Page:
I am interested in programming language implementation techniques for concurrent and parallel programming. One of the biggest problems of today is to use the already invented programming models in a safe way in the same application. Therefore, I am working on combining concurrency models in a safe manner. Since concurrent systems are notoriously complex, I am also interested in helping developers to make sense of complex concurrent programs with appropriate tools.
My research centres on understanding and exposing underlying structure in programming as way to aid program verification. I often work at the intersection between formal logic, types, and semantics, using mathematics to capture and describe programming abstractions simultaneously across these three domains. This theoretical work informs the more practical aspects of my research, designing and building programming languages and tools. My more applied research focusses on building lightweight verification tools for scientists.
My research focuses on understanding and describing computer hardware and programming languages to enable rigorous and trustworthy software verification. Precisely and unambiguously capturing the intricacies of these artifacts invariably requires the language of formal mathematics. To this end, I use techniques drawn from the interactive theorem proving and programming languages communities.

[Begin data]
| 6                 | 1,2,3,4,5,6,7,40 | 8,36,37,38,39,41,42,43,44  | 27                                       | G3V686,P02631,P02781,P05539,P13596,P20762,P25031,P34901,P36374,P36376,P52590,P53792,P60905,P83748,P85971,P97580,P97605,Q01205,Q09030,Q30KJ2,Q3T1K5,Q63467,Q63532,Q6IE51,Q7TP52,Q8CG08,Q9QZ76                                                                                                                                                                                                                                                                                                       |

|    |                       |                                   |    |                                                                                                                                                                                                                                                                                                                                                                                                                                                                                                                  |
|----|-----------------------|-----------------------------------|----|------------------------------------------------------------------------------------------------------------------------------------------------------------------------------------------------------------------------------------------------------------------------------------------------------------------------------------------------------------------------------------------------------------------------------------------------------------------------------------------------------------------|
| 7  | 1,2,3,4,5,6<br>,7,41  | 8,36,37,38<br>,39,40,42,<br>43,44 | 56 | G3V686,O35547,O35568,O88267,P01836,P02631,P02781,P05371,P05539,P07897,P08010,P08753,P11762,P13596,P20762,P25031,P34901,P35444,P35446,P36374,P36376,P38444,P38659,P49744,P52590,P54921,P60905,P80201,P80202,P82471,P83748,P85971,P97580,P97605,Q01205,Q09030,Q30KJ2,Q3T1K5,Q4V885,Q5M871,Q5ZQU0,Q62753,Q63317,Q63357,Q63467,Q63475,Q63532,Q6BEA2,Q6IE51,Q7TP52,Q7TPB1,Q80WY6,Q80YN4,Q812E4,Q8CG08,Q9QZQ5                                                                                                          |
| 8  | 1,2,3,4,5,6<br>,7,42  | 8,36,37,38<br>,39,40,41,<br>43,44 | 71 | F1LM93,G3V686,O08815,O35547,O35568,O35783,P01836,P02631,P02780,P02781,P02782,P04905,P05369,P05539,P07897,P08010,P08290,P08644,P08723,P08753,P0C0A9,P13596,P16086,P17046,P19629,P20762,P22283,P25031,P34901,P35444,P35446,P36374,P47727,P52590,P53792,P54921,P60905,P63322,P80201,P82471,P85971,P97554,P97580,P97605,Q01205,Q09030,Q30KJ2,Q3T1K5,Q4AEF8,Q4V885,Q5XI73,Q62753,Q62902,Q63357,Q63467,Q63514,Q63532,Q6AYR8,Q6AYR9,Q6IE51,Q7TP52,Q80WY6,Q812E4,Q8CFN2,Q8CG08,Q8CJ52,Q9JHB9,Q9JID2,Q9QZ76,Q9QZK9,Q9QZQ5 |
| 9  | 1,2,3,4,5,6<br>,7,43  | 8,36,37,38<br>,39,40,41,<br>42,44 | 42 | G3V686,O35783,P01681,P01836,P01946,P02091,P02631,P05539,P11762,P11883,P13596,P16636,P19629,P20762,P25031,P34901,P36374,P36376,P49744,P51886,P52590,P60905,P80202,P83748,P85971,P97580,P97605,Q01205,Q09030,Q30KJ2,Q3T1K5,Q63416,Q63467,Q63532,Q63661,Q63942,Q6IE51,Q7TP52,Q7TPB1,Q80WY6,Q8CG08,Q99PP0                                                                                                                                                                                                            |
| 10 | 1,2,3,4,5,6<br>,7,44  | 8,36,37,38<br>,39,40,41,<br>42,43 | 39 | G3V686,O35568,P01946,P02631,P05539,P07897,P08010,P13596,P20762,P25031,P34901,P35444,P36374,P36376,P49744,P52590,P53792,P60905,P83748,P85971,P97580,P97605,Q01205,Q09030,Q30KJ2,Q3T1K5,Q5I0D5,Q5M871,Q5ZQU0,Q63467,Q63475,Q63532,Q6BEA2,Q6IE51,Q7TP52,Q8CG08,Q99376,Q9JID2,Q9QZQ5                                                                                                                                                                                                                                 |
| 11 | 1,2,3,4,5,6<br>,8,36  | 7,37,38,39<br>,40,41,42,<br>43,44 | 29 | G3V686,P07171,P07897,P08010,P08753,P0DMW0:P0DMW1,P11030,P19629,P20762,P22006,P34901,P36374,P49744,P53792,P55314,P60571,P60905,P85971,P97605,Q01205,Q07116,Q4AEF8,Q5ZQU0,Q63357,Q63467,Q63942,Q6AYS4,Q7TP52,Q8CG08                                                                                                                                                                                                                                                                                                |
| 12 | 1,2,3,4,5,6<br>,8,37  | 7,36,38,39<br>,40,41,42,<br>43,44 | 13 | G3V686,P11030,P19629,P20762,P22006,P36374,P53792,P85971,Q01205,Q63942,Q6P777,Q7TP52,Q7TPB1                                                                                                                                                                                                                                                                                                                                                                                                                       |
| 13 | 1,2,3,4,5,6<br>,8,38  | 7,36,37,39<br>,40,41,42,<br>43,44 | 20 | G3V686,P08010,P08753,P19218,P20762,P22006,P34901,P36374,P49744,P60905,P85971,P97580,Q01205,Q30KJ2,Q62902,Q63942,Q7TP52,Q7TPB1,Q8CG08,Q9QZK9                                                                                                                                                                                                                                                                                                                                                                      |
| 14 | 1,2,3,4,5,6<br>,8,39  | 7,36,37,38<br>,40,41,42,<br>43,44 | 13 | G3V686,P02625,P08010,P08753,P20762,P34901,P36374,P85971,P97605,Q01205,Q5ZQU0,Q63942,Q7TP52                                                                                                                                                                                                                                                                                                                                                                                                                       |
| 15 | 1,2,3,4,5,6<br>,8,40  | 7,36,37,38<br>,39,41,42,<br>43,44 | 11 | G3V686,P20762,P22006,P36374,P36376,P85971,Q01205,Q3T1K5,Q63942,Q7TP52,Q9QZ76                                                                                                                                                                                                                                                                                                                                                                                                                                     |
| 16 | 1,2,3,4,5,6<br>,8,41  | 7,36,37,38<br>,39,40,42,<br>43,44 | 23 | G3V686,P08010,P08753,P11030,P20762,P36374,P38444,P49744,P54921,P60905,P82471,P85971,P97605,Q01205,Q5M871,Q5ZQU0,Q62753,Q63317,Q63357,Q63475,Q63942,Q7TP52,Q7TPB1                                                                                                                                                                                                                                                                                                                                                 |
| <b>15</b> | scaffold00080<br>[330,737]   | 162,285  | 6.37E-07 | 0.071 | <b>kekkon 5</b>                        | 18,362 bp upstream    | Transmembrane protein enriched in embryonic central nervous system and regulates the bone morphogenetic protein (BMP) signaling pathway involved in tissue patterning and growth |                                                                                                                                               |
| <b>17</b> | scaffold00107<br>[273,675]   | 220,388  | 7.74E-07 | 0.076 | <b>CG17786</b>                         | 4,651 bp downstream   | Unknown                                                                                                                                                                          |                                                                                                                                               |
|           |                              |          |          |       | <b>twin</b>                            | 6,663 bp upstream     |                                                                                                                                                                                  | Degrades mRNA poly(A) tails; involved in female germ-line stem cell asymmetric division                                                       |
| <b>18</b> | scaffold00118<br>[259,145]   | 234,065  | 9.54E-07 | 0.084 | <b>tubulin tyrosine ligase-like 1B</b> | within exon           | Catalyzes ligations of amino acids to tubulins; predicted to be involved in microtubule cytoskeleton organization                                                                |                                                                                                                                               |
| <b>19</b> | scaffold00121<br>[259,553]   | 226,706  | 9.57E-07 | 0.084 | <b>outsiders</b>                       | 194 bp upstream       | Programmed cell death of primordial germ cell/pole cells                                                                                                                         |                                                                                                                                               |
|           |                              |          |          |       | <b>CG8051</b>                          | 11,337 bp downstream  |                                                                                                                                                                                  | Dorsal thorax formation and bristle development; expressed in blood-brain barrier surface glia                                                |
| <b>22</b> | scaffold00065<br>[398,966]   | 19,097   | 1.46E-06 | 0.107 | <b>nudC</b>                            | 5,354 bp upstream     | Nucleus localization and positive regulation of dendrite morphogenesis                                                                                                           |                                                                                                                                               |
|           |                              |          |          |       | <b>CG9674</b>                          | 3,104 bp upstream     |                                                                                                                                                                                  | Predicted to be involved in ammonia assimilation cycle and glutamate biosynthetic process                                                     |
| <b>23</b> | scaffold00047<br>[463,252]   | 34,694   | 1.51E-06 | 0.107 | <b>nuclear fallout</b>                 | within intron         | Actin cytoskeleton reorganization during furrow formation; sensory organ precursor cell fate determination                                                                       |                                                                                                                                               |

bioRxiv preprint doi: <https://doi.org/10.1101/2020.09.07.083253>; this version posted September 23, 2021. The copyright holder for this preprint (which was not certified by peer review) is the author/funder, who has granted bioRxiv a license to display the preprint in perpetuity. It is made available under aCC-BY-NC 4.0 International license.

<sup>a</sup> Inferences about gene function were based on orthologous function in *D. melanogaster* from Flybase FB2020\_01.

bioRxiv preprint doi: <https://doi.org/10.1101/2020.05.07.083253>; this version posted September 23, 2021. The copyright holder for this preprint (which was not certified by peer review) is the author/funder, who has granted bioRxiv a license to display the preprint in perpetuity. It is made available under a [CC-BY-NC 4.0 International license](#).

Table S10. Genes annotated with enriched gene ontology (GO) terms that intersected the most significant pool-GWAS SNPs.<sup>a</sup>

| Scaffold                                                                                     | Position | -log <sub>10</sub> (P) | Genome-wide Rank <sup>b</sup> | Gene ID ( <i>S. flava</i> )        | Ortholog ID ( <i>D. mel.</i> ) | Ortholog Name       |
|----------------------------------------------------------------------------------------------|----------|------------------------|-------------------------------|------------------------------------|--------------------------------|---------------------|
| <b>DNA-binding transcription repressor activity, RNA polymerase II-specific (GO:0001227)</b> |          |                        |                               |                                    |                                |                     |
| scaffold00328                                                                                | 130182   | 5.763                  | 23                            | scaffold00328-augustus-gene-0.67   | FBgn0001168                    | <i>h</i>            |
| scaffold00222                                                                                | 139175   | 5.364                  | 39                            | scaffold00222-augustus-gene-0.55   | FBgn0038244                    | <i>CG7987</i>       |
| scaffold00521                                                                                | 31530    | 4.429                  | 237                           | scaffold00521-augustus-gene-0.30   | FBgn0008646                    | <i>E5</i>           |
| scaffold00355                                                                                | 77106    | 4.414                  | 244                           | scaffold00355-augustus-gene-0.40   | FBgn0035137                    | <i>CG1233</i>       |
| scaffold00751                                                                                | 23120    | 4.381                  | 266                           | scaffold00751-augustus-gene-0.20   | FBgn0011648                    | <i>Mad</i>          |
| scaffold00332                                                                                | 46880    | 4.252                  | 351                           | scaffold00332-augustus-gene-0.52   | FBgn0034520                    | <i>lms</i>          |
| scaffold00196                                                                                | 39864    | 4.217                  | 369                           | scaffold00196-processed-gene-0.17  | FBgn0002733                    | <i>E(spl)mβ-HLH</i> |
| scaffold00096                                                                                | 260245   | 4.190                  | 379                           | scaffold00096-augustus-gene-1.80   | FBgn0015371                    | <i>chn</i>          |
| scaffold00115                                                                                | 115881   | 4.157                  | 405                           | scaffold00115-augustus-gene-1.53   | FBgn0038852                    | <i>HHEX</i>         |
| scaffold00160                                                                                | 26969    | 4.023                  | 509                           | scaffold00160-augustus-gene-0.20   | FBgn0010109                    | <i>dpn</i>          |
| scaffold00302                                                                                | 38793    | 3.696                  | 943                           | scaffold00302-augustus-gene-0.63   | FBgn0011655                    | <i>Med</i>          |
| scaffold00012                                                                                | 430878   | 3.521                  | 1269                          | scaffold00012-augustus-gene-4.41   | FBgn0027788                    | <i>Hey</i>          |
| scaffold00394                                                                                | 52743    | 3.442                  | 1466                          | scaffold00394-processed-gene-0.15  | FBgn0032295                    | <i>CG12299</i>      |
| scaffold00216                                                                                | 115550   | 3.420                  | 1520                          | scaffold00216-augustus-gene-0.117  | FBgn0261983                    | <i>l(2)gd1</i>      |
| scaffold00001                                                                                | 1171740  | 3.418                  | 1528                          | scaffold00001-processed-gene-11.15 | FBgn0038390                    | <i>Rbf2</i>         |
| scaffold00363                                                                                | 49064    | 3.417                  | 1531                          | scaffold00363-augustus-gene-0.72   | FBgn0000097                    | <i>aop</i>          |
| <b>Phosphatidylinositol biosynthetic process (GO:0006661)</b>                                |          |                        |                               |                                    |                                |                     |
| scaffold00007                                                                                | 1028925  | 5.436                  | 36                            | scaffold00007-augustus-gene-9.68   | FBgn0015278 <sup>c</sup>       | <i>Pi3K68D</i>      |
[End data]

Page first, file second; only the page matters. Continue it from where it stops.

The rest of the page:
My main research interests are in functional programming in Haskell, Erlang and OCaml. Most recently I have worked on refactoring tools for Erlang and Haskell, and our team are now building a trustworthy refactoring tool for OCaml; separately we are looking at languages for smart contracts on blockchain, and ways of making Erlang programming more secure through involving advanced type systems. I try to involve industry partners in my research: currently collaborations include Jane Street Capital, IOHK and Erlang Solutions. I have also worked in reasoning and multimedia.
I believe many problems in software engineering can and can only be solved by better programming languages, and better ways of using them. A recurring theme of my research is to guarantee correctness of program properties through construction, reasoning and testing. Functional languages with many of their distinctive features are well suited for the task and have been the main target and carrier of my research. Some of my recent topics involve designing languages for bidirectional transformations and property-based testing.